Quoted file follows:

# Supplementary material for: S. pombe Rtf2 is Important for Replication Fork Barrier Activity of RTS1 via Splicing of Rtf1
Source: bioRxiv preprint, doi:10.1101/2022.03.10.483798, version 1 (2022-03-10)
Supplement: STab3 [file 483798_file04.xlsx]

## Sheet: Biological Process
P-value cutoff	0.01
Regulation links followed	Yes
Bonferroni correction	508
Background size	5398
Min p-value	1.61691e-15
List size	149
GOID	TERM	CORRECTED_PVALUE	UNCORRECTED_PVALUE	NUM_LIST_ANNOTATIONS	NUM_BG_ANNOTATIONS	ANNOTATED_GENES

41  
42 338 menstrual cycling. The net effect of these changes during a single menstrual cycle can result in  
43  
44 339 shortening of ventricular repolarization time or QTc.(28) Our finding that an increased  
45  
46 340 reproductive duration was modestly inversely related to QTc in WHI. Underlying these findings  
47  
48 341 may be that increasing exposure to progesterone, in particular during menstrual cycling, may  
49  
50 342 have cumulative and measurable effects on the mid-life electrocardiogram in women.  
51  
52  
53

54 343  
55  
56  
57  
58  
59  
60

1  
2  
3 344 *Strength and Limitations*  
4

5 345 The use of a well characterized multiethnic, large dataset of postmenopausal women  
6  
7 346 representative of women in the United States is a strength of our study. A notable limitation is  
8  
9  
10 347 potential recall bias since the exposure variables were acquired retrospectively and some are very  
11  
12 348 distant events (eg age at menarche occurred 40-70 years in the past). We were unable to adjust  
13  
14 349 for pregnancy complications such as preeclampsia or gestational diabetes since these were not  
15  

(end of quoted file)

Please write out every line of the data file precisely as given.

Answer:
# Supplementary material for: S. pombe Rtf2 is Important for Replication Fork Barrier Activity of RTS1 via Splicing of Rtf1
Source: bioRxiv preprint, doi:10.1101/2022.03.10.483798, version 1 (2022-03-10)
Supplement: STab3 [file 483798_file04.xlsx]

## Sheet: Biological Process
P-value cutoff	0.01
Regulation links followed	Yes
Bonferroni correction	508
Background size	5398
Min p-value	1.61691e-15
List size	149
GOID	TERM	CORRECTED_PVALUE	UNCORRECTED_PVALUE	NUM_LIST_ANNOTATIONS	NUM_BG_ANNOTATIONS	ANNOTATED_GENES

41  
42 338 menstrual cycling. The net effect of these changes during a single menstrual cycle can result in  
43  
44 339 shortening of ventricular repolarization time or QTc.(28) Our finding that an increased  
45  
46 340 reproductive duration was modestly inversely related to QTc in WHI. Underlying these findings  
47  
48 341 may be that increasing exposure to progesterone, in particular during menstrual cycling, may  
49  
50 342 have cumulative and measurable effects on the mid-life electrocardiogram in women.  
51  
52  
53

54 343  
55  
56  
57  
58  
59  
60

1  
2  
3 344 *Strength and Limitations*  
4

5 345 The use of a well characterized multiethnic, large dataset of postmenopausal women  
6  
7 346 representative of women in the United States is a strength of our study. A notable limitation is  
8  
9  
10 347 potential recall bias since the exposure variables were acquired retrospectively and some are very  
11  
12 348 distant events (eg age at menarche occurred 40-70 years in the past). We were unable to adjust  
13  
14 349 for pregnancy complications such as preeclampsia or gestational diabetes since these were not  
15  